Fusion reactors could some day provide a clean and nearly inexhaustible source of energy, but their development has proven to be challenging. Nevertheless, great progress has been made in recent decades and fusion research is now at a critical stage: ITER, the first test reactor anticipated to generate a surplus of energy, is being built and operation is planned to start around 2025. It will serve as a testbed for DEMO, a prototype for a commercially viable fusion power plant to be completed by 2050. The Culham Centre for Fusion Energy (CCFE) is a key contributor to this development: it operates the Joint European Torus (JET) which is currently the world’s largest fusion test reactor. JET is important for experimental results and validation of simulation software, both of which are used to inform the design of the much larger ITER

Computer simulations complementing experiments with test reactors are critical for the design and operation of ITER but also to explore alternative reactor designs. The immense complexity of the physics involved translates into complex mathematical models which take a long time to solve numerically, even on modern computer architectures. As reactors grow in size and complexity, so do the employed models and therefore solution times. LOCUST, for example, is a state-of-the-art particle tracker used operationally at CCFE and optimised heavily to exploit graphical processing unit (GPU) accelerators. However, one simulation of the trajectories of fast ions generated from neutral beam injection in the JET test reactor still takes around 10 hours to complete. Because of the higher energies, a similar simulation for ITER already takes 4 to 7 days. Therefore, at the moment, design choices can be informed only by a small number of simulations with carefully selected parameters. However, systematic exploration of a wide range of design parameters in computer simulations is not yet possible.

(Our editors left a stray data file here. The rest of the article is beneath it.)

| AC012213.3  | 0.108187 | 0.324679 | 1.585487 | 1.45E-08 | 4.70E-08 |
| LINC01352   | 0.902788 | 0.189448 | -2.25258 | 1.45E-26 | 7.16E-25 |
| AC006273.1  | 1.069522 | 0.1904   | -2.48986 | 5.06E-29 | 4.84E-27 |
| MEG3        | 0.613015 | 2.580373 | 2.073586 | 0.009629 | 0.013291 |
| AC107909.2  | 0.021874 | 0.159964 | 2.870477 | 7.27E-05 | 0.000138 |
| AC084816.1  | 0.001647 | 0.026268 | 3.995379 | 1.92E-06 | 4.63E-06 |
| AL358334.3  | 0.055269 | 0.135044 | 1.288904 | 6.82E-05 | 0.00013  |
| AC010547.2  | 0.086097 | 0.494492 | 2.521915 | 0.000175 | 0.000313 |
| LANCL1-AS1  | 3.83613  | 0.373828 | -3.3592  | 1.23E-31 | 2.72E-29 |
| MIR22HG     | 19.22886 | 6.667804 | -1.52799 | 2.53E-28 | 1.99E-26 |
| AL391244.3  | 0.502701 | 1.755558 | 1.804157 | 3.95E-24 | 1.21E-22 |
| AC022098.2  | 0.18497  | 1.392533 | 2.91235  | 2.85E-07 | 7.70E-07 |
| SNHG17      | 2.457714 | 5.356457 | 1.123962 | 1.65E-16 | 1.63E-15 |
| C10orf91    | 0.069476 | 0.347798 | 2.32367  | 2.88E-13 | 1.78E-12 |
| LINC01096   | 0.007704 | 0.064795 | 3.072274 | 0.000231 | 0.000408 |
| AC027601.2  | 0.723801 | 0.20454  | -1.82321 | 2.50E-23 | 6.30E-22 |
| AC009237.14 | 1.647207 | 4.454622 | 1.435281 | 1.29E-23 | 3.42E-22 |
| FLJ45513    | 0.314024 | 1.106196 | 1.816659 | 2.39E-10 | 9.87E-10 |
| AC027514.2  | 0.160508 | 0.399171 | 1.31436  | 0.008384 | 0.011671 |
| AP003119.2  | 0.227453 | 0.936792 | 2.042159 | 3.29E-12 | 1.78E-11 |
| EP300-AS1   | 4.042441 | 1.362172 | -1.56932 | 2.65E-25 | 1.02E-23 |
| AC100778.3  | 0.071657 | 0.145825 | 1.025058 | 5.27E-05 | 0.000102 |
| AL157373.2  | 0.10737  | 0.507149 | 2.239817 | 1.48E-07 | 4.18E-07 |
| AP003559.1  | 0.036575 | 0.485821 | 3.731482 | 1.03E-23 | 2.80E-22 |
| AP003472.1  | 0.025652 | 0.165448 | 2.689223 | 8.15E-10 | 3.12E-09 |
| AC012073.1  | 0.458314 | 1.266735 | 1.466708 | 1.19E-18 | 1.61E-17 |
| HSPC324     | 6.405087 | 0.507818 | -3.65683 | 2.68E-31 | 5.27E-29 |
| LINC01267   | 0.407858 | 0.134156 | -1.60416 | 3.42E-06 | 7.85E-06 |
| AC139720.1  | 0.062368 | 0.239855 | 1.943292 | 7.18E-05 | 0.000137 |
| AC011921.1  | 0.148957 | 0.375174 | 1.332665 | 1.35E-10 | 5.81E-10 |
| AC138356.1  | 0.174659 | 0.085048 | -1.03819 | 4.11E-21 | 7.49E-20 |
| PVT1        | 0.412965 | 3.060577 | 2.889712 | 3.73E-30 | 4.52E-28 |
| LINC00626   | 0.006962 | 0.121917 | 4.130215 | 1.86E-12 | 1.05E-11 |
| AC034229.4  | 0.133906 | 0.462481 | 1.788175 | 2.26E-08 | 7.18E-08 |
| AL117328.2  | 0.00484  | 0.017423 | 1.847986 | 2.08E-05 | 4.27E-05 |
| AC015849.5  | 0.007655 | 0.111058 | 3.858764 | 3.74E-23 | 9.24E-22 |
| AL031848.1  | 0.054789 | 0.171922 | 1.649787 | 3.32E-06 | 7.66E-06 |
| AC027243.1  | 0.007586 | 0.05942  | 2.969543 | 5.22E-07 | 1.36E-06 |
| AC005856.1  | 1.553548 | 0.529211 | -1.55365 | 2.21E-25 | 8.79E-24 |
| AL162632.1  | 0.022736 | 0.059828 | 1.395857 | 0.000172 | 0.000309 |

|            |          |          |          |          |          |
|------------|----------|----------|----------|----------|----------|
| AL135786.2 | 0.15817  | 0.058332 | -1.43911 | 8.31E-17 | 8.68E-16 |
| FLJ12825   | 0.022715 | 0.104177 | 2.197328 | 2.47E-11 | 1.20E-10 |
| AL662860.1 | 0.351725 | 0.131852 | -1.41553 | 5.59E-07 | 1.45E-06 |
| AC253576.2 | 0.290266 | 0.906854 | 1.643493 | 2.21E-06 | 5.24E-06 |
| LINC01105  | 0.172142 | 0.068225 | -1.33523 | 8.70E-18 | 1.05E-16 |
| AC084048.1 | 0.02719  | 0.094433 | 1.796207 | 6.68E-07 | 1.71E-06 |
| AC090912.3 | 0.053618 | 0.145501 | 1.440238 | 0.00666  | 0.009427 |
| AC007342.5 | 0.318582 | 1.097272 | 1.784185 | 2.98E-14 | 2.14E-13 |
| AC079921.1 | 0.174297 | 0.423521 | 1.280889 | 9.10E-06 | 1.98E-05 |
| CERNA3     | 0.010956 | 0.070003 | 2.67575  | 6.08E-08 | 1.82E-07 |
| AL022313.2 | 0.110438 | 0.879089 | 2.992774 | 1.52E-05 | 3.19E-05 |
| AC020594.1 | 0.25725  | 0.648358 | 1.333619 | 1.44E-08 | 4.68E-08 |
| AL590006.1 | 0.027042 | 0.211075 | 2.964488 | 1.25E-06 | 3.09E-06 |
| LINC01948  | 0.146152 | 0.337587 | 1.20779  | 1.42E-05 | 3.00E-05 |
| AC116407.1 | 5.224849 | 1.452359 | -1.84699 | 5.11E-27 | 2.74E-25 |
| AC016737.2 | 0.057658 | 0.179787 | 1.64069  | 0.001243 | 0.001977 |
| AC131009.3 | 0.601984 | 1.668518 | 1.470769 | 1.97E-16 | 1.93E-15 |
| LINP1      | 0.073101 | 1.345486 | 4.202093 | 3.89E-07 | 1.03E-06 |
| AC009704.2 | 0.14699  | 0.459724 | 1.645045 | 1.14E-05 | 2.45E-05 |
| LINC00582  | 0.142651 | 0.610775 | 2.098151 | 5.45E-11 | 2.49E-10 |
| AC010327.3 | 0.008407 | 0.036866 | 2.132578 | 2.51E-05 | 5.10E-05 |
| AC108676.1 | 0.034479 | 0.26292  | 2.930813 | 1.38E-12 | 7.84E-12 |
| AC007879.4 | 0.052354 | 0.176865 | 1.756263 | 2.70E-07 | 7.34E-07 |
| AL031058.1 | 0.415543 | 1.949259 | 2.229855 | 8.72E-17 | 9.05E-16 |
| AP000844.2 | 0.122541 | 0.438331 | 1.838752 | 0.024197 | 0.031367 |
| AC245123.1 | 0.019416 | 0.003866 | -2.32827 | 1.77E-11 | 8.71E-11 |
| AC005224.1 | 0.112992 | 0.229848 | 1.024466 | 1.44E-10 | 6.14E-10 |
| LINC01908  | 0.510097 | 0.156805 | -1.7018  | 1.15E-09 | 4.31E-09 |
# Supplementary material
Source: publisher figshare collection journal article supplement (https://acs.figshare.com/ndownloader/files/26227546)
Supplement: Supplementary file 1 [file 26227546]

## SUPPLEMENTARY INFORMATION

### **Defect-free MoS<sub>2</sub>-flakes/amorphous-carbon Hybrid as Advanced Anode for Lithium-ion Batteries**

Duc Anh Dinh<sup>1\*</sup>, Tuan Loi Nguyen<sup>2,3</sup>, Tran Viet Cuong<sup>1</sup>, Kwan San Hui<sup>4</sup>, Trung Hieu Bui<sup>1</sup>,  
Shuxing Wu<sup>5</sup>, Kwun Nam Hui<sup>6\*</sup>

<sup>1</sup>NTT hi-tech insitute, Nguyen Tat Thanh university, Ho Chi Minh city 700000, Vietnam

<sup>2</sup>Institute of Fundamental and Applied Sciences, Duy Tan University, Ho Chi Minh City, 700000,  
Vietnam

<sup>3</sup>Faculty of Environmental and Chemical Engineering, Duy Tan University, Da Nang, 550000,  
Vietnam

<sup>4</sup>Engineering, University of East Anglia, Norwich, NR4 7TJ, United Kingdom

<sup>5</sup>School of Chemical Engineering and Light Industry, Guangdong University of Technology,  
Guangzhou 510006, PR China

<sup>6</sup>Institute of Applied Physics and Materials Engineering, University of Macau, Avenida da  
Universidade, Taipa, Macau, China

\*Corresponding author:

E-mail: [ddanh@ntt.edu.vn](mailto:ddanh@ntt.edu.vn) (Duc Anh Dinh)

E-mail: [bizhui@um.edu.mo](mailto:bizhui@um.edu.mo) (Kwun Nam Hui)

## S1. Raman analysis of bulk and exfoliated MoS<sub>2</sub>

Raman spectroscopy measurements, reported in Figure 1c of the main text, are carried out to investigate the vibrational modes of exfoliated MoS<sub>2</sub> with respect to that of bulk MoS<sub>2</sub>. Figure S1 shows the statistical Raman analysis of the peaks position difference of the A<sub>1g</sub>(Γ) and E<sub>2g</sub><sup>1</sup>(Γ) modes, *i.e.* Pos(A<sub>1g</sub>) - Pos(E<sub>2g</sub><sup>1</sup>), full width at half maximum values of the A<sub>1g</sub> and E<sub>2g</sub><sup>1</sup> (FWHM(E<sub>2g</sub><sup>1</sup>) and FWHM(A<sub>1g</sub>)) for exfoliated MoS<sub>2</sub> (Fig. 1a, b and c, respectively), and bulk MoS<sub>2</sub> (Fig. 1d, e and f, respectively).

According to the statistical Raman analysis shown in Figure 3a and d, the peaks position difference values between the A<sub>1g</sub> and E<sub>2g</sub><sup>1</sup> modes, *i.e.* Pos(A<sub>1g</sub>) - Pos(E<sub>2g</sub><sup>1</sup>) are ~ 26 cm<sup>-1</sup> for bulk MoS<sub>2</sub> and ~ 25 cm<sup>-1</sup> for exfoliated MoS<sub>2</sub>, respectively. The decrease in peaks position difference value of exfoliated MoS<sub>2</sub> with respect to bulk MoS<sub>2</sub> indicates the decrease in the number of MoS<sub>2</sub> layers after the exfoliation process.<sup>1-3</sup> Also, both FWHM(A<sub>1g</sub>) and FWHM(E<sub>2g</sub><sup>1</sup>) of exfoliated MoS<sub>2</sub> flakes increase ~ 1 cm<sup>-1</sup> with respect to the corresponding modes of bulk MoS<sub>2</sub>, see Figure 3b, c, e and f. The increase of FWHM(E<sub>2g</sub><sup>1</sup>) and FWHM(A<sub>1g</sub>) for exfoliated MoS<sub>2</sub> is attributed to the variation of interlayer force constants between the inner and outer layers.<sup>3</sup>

The project will develop a new and more efficient algorithm [1] and deploy it as a particle tracker in CCFE’s operational simulation software. This will help to significantly reduce solution times and contribute toward the order of magnitude reduction of runtimes needed for effective in-silico design of components for ITER. While the new algorithm will be deployed for a specific application, the mathematical ideas developed during the project can help to improve the efficiency of computer simulations in other applications such as manufacturing processes involving plasmas, for example for flat panel displays or solar panels.

  1. M. Winkel, R. Speck, and D. Ruprecht, “A high-order Boris integrator,” Journal of Computational Physics, vol. 295, pp. 456–474, 2015 [Online]. Available at: http://dx.doi.org/10.1016/j.jcp.2015.04.022